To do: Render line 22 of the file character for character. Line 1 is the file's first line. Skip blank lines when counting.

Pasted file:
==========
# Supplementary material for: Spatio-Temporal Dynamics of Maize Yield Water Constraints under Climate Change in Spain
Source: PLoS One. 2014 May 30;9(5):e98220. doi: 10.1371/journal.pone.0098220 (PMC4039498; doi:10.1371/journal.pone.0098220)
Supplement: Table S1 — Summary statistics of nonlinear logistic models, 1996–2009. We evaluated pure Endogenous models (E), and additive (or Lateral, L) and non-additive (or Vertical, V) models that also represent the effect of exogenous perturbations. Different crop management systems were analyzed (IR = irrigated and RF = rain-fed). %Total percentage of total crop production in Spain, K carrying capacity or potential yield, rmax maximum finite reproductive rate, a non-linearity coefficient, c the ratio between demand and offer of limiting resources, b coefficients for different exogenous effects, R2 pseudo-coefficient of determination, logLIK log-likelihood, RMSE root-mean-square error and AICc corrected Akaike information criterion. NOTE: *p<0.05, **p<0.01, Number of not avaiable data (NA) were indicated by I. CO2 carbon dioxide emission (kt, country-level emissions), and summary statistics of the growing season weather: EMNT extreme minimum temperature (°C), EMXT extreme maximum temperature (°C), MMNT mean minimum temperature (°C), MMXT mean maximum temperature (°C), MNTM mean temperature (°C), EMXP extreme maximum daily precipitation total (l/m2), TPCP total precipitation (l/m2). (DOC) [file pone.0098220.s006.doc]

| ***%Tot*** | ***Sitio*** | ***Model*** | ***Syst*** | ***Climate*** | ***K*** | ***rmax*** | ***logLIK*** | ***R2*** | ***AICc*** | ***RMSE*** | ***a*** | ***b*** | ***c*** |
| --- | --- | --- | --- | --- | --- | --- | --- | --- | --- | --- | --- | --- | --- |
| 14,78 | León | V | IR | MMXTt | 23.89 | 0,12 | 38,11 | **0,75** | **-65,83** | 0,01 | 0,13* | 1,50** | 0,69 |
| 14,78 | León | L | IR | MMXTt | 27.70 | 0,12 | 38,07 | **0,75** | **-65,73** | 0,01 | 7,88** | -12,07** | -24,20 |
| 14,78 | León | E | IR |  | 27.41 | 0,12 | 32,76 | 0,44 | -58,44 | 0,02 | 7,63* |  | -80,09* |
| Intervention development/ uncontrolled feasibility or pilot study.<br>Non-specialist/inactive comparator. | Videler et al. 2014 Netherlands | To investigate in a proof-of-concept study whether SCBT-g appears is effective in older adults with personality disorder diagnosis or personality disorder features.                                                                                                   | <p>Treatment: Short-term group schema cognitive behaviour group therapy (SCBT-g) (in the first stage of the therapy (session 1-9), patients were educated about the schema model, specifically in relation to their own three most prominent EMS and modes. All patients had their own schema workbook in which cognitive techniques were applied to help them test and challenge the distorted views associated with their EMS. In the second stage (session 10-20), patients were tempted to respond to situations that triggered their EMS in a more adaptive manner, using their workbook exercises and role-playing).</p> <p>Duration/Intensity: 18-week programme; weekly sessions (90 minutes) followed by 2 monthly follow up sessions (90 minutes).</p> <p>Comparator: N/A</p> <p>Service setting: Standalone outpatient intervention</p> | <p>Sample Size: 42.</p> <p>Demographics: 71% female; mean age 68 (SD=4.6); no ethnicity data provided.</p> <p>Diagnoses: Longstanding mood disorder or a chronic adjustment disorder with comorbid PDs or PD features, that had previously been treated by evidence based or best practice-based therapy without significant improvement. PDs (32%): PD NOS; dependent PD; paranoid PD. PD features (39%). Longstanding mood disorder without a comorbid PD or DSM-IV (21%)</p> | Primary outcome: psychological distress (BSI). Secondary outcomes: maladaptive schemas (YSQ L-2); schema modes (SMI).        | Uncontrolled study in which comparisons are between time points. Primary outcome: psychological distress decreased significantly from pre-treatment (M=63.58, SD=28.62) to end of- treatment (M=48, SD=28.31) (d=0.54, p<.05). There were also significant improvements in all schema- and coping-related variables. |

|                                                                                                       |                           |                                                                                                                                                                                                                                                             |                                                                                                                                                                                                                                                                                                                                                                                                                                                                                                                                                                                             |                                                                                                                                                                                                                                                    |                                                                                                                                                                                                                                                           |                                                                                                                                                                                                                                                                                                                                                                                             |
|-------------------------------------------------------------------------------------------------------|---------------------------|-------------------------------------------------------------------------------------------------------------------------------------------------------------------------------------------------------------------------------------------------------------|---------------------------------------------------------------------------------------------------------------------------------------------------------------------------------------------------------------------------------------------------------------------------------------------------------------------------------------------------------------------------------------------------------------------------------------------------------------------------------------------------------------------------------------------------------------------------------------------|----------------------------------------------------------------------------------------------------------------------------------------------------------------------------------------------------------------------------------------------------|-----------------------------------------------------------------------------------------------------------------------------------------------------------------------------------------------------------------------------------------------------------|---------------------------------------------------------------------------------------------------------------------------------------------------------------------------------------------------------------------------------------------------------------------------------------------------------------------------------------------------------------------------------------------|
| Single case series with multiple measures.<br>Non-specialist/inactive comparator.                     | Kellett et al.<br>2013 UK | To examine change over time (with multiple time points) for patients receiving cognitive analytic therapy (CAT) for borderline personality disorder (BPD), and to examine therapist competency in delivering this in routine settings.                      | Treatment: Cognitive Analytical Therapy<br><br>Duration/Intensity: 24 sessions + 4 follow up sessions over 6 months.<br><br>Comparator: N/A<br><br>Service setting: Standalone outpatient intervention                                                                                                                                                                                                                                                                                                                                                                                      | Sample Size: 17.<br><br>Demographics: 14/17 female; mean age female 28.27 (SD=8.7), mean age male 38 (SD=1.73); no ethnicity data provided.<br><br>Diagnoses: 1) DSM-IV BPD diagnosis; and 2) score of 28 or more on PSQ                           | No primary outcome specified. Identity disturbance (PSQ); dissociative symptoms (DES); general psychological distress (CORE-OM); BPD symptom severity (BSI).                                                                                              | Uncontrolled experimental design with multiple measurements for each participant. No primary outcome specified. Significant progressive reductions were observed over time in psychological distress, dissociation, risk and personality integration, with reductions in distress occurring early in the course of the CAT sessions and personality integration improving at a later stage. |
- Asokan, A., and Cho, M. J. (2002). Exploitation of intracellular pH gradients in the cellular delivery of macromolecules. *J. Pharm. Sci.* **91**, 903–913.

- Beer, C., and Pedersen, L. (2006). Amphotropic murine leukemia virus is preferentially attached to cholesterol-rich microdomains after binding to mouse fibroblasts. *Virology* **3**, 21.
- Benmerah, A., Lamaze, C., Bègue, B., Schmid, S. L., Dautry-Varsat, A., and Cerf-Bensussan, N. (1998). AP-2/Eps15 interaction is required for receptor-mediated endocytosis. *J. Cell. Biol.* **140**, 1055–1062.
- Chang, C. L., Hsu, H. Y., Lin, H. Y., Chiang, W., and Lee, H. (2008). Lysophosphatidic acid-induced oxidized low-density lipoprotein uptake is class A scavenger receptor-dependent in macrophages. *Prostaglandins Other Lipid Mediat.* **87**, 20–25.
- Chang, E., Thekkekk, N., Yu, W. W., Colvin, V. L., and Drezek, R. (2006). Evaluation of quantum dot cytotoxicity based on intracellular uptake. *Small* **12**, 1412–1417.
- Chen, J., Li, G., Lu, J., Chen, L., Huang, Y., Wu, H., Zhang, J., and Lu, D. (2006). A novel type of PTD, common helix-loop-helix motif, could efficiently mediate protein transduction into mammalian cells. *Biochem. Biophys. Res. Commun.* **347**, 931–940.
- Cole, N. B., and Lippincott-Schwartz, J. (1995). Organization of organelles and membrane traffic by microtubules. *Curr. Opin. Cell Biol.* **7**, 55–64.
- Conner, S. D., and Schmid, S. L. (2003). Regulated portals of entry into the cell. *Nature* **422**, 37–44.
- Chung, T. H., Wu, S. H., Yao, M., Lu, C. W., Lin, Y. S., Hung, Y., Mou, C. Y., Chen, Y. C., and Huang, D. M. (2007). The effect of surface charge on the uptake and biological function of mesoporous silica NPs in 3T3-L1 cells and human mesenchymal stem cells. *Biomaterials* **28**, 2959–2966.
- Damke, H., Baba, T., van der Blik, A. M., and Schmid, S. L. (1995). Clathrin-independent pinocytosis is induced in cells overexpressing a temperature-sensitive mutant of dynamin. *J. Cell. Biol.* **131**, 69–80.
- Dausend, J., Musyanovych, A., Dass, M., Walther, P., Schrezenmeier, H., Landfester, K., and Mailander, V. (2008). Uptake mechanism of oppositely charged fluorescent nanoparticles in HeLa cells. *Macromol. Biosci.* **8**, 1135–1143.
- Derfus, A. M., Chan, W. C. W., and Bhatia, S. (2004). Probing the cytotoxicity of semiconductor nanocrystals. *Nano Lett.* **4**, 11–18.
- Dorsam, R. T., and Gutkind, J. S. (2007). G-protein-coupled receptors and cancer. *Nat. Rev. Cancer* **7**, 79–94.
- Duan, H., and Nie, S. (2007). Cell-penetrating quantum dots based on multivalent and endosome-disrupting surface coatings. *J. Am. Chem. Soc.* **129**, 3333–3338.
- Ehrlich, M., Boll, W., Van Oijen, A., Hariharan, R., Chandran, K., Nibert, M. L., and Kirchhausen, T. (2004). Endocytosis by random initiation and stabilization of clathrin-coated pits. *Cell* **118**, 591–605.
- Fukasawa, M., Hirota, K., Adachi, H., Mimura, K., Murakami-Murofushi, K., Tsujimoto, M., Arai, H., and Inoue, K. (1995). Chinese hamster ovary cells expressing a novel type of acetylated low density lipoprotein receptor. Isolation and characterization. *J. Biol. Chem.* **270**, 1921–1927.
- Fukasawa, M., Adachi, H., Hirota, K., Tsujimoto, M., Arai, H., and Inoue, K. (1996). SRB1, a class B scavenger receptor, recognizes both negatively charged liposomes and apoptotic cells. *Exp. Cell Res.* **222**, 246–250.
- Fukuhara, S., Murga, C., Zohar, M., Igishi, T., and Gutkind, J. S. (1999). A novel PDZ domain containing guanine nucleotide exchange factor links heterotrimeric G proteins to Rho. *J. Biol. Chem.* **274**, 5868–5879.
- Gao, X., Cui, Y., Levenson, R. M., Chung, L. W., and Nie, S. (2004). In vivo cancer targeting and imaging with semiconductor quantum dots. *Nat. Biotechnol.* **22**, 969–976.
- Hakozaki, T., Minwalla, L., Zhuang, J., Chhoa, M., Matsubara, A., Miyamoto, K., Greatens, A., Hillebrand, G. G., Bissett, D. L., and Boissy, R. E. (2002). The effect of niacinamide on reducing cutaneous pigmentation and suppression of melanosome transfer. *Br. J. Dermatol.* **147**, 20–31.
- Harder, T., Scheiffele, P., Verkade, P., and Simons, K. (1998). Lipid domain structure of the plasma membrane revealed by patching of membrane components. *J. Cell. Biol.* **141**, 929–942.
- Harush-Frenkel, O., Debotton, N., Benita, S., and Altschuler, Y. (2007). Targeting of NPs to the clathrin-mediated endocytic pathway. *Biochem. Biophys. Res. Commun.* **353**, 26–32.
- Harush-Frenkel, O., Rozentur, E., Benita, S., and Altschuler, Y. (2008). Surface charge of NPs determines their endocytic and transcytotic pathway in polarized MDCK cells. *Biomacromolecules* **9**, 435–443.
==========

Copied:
- Damke, H., Baba, T., van der Blik, A. M., and Schmid, S. L. (1995). Clathrin-independent pinocytosis is induced in cells overexpressing a temperature-sensitive mutant of dynamin. *J. Cell. Biol.* **131**, 69–80.